Women, elections and the future of Brazil – work and employment

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The commitment to greater appreciation and recognition of women's work needs to be viscerally tied to the redistributive agenda

Brazilian women contribute enormously to the production of national wealth, although the recognition and material retribution for this work are lower than those received by men.

Responsible for reproductive work, they dedicate more time to domestic activities and care, which makes their insertion in the labor market more precarious. They are more present in unregistered, part-time jobs and more concentrated in activities conceived as an extension of domestic and care work.

Society treats teaching, caring, cleaning, cooking as natural attributes of being a woman – something done out of love, not work. No wonder these activities have lower social status and, if paid, lower remuneration.

A competitive labor market, with unregulated working hours that exceed 40 hours a week, leads women and men to delegate to a majority of black women the work that makes it possible, after all, for us to remain alive. They are the ones who keep our homes and workspaces clean, children and the elderly cared for and food ready – whether at home or at the pay-by-weight restaurant. The majority of black women among domestic servants and caregivers explains the subaltern place to which they are relegated in our history, coined in enslavement.

It is no coincidence that informality persists in these sectors, with the denial, in practice, of what the PEC das Domésticas guaranteed and the veto, by President Jair Bolsonaro (PL), of the bill that regulates the profession of caregivers for the elderly. Early childhood education professionals also struggle to be recognized as teachers. Therefore, recognizing the centrality of these works is a major challenge.

As the recent pandemic and economic crisis have shown, women are the most affected by a State that has transferred responsibility for taking care of the health crisis to the private space. They expanded their participation among people who are discouraged and unavailable to work. It became even more painful to have a paid job in 2021, with nurseries and schools closed and the delay in starting vaccination.

In this sense, political agendas that defend racial and gender equality need to commit to the universalization of public care facilities, such as day care centers and spaces for the elderly. It is also necessary to encourage the creation of leave equally divided between fathers, a reality in many countries, making men responsible for care. It is urgent for the State to act in promoting structural and cultural changes: maintenance of the policy of racial quotas in higher education; public campaigns to denaturalize skills and abilities with gender and race bias; and an anti-sexist and anti-racist education.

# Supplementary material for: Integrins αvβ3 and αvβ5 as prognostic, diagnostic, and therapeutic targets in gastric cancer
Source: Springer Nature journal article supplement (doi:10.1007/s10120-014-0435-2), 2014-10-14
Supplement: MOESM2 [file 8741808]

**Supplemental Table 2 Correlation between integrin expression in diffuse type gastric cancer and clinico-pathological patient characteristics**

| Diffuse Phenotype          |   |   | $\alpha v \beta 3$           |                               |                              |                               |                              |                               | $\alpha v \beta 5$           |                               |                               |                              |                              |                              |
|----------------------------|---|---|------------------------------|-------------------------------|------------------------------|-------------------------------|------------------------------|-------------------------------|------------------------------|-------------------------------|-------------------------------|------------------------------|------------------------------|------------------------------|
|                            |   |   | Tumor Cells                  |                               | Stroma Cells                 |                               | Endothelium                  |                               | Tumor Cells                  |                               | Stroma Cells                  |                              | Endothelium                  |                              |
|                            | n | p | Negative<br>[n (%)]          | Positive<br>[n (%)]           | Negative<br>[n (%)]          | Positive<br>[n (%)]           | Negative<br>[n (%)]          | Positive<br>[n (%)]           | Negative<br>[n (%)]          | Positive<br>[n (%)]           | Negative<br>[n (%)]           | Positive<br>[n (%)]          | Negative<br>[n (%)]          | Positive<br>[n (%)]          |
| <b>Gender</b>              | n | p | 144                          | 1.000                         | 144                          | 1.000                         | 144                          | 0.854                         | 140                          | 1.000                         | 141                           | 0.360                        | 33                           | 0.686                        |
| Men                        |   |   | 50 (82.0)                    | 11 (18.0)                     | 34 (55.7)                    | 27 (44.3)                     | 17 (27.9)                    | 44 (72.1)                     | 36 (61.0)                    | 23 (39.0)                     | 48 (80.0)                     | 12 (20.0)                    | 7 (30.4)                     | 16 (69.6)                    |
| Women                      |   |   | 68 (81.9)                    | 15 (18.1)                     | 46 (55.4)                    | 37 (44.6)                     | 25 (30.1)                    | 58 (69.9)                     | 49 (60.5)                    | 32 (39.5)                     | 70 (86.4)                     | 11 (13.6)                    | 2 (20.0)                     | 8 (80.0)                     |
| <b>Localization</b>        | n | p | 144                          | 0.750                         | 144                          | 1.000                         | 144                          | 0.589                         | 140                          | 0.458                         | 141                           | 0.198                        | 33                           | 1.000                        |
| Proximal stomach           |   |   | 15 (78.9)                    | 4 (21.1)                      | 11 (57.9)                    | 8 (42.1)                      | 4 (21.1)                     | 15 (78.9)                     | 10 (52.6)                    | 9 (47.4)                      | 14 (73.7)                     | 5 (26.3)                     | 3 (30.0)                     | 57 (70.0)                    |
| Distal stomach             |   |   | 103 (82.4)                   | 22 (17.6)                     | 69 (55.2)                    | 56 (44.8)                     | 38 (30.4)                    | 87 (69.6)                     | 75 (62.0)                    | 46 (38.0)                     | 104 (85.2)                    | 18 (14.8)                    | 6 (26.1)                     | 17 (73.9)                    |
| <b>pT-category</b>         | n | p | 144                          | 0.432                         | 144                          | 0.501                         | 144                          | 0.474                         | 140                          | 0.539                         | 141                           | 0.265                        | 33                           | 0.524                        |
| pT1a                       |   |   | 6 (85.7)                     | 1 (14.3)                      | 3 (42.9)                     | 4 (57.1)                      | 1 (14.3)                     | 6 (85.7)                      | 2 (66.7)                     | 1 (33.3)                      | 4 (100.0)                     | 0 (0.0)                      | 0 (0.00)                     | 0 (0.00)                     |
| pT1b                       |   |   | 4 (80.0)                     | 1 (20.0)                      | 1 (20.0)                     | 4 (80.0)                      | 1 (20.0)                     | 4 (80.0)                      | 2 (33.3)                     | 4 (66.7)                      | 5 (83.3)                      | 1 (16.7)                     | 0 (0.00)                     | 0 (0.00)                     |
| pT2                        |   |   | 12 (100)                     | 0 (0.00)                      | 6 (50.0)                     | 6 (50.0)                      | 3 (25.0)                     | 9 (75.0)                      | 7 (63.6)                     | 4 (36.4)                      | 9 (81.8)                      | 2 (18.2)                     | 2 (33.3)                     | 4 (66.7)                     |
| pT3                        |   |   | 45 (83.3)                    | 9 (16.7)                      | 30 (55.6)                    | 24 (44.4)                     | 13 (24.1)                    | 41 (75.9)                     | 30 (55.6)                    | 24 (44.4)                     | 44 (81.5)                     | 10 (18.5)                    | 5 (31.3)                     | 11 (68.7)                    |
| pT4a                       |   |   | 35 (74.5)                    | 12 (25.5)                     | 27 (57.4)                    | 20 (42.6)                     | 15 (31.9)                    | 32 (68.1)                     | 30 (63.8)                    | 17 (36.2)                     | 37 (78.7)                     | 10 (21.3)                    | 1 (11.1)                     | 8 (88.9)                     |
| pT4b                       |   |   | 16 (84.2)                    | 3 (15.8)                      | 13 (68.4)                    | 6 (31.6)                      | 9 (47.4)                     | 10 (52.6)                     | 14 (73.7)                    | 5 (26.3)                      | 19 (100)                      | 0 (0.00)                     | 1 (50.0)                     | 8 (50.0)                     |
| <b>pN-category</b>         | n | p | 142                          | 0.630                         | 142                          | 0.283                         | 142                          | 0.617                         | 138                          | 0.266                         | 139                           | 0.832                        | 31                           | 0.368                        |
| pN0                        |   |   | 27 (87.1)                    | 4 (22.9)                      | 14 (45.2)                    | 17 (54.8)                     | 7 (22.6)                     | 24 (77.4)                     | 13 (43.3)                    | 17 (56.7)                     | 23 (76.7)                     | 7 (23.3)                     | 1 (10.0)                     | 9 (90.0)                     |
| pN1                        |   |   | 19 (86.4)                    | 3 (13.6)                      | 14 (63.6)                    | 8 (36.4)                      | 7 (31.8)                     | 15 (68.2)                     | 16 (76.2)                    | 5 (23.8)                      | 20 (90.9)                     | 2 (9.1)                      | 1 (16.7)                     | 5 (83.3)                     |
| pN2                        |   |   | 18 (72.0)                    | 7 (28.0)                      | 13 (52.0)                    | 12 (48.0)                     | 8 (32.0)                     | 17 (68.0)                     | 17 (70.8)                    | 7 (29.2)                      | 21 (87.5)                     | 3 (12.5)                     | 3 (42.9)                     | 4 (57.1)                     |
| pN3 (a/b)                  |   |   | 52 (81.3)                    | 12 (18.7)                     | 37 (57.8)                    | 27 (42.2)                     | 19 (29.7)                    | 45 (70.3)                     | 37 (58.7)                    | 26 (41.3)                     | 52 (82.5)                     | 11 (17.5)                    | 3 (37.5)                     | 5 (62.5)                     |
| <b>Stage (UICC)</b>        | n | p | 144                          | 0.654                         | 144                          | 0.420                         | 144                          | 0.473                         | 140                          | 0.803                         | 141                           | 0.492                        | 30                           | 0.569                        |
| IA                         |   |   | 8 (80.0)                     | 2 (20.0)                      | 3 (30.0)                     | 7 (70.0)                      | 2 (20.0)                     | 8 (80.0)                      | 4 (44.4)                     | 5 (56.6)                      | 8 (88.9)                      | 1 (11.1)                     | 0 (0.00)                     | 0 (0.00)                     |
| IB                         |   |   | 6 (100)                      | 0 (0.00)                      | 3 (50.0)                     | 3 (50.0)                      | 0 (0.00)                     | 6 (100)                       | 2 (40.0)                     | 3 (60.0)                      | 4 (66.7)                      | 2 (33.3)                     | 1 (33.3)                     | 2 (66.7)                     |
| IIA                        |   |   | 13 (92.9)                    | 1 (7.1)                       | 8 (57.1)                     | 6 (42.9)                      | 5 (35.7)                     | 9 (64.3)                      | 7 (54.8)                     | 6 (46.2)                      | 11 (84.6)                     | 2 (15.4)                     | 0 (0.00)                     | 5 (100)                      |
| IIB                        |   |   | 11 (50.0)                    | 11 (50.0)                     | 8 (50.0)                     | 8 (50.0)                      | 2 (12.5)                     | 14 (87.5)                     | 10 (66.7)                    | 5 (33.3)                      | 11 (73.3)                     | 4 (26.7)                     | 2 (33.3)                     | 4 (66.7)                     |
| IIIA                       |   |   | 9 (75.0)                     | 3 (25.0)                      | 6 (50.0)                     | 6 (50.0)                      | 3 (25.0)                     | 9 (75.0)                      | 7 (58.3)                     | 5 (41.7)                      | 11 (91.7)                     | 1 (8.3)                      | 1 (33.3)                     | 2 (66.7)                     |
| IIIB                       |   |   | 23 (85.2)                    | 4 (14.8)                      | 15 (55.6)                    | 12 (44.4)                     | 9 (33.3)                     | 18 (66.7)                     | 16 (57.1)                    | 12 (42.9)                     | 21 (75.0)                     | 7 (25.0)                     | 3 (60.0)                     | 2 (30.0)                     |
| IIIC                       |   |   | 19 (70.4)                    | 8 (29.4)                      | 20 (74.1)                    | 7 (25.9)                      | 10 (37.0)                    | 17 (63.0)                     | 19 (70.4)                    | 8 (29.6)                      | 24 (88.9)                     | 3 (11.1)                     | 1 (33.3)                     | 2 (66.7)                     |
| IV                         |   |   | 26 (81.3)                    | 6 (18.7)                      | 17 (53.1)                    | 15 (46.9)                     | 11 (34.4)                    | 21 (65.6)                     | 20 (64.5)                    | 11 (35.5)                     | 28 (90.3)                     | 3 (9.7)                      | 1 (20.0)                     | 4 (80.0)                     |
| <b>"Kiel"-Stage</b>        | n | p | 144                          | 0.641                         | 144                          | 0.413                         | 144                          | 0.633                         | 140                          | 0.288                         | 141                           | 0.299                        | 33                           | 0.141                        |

Women organized in social movements prioritized valuing the minimum wage as a political agenda in the early 2000s. Organized marches to Brasília were taken over by the union movement and resulted in the greatest redistribution achievement of the XNUMXst century, with a reduction in the wage gap between white men, white women, black men and black women. This achievement, achieved in the Lula and Dilma Rousseff (PT) governments, was discontinued by the Michel Temer (MDB) and Jair Bolsonaro governments.

The reduction of social inequalities in Brazil will necessarily pass through a feminist and anti-racist agenda. Women are the main ones affected by the discontinuity of redistributive policies, by changes that make working hours and contracts more flexible and by the State's disincentive to productive diversification. It is necessary to resume an agenda that bets on qualification, formalization, reduction of working hours without reducing wages, effective guarantee of breaks during the working day for breastfeeding and real appreciation of the minimum wage.

The commitment to greater appreciation and recognition of women's work needs to be viscerally tied to the redistributive agenda. Only then, they will have a retribution commensurate with their share in the production of wealth for the country.

* Barbara Castro is a professor at the Department of Sociology at Unicamp.

*Lygia Sabbag Fares is a professor at the Brooklyn Institute for Social Research (New York).

* Patricia Vieira Tropia Professor at the Department of Social Sciences at the Federal University of Uberlândia (UFU).

*Selma Cristina Silva is a professor at the Department of Education at UFBA.

Originally published in the newspaper Folha de S. Paul.

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